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Electronic properties of MoS2/MoOx interfaces: Implications in Tunnel Field Effect Transistors and Hole Contacts

Scientific Reports volume 6, Article number: 33562 (2016) | Download Citation

Abstract

In an electronic device based on two dimensional (2D) transitional metal dichalcogenides (TMDs), finding a low resistance metal contact is critical in order to achieve the desired performance. However, due to the unusual Fermi level pinning in metal/2D TMD interface, the performance is limited. Here, we investigate the electronic properties of TMDs and transition metal oxide (TMO) interfaces (MoS2/MoO3) using density functional theory (DFT). Our results demonstrate that, due to the large work function of MoO3 and the relative band alignment with MoS2, together with small energy gap, the MoS2/MoO3 interface is a good candidate for a tunnel field effect (TFET)-type device. Moreover, if the interface is not stoichiometric because of the presence of oxygen vacancies in MoO3, the heterostructure is more suitable for p-type (hole) contacts, exhibiting an Ohmic electrical behavior as experimentally demonstrated for different TMO/TMD interfaces. Our results reveal that the defect state induced by an oxygen vacancy in the MoO3 aligns with the valance band of MoS2, showing an insignificant impact on the band gap of the TMD. This result highlights the role of oxygen vacancies in oxides on facilitating appropriate contacts at the MoS2 and MoOx (x < 3) interface, which consistently explains the available experimental observations.

Introduction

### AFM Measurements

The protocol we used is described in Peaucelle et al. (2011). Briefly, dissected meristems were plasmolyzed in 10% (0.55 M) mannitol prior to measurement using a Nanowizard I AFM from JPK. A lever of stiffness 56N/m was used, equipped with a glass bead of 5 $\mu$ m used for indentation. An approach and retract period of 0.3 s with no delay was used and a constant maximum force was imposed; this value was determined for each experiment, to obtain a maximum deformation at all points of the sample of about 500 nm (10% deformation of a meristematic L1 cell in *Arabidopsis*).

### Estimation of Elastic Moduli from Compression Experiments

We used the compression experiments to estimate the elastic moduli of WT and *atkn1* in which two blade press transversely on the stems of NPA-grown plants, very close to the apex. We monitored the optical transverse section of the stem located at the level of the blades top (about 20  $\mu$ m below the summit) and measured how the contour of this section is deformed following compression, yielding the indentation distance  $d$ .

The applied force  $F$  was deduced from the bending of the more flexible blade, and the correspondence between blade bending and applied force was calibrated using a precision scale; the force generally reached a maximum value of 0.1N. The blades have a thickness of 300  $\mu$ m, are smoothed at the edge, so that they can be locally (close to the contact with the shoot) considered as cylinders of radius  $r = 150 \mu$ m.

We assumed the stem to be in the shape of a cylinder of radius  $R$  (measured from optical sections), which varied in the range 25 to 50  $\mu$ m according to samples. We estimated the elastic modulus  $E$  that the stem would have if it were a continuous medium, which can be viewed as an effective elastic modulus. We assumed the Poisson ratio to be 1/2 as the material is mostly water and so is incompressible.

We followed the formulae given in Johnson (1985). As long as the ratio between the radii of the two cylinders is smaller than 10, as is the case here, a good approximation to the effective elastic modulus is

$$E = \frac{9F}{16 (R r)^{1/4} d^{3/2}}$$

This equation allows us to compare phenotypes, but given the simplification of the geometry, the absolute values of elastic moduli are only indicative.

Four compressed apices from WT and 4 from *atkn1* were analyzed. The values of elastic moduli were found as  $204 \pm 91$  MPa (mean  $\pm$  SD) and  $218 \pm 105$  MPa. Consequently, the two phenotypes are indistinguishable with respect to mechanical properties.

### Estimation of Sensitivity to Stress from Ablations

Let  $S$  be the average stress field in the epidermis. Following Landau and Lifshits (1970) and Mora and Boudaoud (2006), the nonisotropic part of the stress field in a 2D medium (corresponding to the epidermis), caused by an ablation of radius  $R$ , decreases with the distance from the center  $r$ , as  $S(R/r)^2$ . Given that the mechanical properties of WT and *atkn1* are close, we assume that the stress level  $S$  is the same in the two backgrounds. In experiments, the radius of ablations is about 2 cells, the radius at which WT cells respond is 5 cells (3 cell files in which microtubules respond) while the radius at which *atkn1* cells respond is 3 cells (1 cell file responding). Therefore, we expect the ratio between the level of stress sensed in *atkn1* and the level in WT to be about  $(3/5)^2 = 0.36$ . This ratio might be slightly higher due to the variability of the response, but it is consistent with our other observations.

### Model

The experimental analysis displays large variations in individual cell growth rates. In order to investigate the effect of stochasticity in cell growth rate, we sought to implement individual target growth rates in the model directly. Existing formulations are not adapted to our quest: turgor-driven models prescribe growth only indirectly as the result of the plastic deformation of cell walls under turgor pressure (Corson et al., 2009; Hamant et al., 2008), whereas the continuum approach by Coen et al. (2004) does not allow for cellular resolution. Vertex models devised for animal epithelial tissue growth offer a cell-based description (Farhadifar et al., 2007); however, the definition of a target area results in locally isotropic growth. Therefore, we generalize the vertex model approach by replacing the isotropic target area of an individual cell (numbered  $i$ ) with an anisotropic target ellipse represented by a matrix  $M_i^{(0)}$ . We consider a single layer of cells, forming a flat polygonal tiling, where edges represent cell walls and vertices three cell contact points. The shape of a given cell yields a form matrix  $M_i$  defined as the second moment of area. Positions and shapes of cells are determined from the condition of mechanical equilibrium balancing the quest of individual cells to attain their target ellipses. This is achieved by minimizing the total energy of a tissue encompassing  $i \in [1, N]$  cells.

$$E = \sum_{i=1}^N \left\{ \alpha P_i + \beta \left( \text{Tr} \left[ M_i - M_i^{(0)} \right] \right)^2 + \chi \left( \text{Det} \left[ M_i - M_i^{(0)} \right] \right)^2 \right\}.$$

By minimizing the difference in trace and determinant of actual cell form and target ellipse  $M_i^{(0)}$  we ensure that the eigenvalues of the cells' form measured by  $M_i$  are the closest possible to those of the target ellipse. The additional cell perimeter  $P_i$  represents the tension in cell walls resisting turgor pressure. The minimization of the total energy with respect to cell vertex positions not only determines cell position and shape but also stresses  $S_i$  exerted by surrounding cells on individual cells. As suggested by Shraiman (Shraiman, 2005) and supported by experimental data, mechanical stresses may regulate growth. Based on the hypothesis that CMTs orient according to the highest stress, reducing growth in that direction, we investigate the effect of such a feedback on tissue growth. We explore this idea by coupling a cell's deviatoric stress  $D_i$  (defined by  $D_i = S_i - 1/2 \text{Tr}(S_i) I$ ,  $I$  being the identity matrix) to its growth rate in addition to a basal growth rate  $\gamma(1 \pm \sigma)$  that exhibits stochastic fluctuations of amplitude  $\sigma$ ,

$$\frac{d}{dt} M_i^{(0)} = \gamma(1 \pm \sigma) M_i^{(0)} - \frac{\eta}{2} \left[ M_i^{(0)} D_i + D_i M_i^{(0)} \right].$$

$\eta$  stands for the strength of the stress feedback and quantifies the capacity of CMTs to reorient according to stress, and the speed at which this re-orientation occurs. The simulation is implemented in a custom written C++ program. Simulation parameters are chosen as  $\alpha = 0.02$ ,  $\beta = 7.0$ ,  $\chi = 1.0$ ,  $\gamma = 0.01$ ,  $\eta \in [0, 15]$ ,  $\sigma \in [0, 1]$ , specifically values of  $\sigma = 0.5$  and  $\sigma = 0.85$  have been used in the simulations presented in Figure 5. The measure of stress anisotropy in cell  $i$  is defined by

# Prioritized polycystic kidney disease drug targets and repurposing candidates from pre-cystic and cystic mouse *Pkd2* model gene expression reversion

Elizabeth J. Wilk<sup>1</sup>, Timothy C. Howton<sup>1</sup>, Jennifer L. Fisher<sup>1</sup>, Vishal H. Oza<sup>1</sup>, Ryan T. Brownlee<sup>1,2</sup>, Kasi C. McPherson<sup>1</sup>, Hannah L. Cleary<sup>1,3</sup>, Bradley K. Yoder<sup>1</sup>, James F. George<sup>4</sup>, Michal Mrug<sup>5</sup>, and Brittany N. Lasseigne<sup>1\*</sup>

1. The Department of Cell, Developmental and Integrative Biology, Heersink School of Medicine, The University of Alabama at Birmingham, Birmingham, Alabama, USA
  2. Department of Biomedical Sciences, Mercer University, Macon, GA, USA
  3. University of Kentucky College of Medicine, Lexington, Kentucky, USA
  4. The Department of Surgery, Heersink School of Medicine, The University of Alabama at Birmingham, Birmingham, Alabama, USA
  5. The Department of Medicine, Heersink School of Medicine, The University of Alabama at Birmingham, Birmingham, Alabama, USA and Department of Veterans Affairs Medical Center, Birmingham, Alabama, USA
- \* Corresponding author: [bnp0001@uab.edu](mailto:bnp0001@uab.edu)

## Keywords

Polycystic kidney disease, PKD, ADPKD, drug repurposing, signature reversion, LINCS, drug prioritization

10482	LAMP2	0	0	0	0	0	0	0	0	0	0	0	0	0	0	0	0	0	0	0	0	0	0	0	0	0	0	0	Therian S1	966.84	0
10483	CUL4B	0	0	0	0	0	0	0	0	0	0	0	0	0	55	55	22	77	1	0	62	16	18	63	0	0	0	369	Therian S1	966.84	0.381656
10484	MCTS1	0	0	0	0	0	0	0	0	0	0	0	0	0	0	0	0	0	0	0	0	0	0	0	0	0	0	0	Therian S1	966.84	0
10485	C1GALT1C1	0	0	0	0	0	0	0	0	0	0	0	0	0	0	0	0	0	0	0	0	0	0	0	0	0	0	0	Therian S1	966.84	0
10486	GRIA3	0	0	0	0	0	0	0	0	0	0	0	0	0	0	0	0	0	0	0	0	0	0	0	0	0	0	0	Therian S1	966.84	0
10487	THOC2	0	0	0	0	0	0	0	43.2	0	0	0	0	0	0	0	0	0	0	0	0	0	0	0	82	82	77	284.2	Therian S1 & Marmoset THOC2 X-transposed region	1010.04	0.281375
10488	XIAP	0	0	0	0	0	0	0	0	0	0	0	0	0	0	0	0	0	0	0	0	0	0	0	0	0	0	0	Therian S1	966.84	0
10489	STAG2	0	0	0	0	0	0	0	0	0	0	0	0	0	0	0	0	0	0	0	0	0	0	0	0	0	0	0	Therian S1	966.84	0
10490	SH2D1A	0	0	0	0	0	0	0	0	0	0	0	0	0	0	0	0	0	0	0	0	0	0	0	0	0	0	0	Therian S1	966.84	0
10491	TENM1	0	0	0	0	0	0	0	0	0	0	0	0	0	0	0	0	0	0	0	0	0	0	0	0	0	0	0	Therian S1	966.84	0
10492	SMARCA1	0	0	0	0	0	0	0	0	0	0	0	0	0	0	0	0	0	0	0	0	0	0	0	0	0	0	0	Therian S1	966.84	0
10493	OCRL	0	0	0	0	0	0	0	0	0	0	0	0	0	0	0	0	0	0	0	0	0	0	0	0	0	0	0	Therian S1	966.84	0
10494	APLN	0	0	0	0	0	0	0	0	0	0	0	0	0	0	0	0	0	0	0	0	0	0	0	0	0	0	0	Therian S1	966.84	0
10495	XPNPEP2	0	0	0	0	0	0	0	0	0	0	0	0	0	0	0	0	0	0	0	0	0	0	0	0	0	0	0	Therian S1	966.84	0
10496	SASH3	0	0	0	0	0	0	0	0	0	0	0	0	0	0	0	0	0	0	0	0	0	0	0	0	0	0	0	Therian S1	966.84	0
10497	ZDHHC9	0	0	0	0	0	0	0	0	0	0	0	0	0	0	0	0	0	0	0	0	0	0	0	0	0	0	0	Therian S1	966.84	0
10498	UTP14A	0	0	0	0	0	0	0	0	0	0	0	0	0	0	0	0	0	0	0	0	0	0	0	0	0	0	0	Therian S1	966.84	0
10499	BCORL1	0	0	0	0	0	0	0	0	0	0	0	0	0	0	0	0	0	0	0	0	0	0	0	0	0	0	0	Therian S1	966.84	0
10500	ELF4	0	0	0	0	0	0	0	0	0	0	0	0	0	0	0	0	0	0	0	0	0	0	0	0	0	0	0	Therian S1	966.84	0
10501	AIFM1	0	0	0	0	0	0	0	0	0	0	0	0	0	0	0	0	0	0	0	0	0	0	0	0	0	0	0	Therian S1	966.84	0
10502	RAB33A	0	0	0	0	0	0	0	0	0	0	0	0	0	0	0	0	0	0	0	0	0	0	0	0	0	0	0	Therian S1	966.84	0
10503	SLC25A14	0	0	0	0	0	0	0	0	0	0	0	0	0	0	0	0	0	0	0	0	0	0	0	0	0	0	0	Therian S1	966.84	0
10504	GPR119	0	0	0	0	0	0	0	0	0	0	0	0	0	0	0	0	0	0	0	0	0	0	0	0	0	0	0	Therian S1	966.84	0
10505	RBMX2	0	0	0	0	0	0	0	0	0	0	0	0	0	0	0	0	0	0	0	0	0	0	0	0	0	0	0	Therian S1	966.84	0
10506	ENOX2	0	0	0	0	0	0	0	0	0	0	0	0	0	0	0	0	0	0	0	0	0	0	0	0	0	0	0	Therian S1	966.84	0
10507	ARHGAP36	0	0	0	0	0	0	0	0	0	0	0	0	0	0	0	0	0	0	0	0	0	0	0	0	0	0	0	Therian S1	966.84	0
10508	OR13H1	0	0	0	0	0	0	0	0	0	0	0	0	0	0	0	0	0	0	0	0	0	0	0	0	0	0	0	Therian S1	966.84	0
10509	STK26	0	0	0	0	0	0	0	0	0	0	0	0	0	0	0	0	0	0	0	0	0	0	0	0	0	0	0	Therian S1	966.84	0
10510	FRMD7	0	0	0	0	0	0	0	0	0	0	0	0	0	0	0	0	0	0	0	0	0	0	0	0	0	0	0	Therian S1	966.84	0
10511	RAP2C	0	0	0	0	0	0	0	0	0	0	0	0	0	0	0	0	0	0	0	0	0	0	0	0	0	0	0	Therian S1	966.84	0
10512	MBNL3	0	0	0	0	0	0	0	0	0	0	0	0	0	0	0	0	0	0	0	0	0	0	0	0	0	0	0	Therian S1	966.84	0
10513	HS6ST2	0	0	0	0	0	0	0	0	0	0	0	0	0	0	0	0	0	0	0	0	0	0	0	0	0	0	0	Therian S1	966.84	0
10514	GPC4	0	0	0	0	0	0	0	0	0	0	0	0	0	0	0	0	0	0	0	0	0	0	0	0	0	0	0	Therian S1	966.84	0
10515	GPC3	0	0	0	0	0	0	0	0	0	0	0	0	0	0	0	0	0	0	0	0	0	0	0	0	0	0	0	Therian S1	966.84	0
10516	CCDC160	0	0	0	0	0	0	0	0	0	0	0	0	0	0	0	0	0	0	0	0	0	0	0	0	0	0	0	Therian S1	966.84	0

The aggressive miniaturization of silicon-based electronics, reaching a fundamental limit of scaling, has motivated the electronic device community to explore for alternative channel materials and device architectures for the future transistor technology1,2. Within this context, atomically thin two dimensional (2D) graphene and hexagonal boron nitride (h-BN) have emerged as potential candidates for device application because of the advances in exfoliation methods and synthetic techniques3,4,5,6. However, due to the lack of a sizeable band gap in graphene and the large band gap (>5 eV) of h-BN, these 2D materials have limitations in their use as channel materials in low power transistor applications. In the search for other thin 2D semiconductors with optimum electronic properties, 2D transition metal dichalcogenides (TMDs) have recently attracted a significant interest, as these materials possess sizeable band gaps (1–2 eV), ideally no dangling bonds and correspondingly low trap densities at semiconductor-dielectric interface allowing efficient electrostatics, as well as the reduction of short channel effects7,8. Moreover, TMDs provide a wide range of materials choices, and have tunable electronic and optical properties through thickness control, mixed alloys9,10, combination of TMD heterostructures, phase and strain engineering or with the application of an external electric or magnetic field11,12,13. Additionally, the electronic and optical properties can be modulated through the dielectric environment14,15,16. Single layer TMDs have a direct type band gap in the visible portion of the electromagnetic spectrum. As a result, TMDs are especially suitable for optoelectronic, digital electronics, and display devices.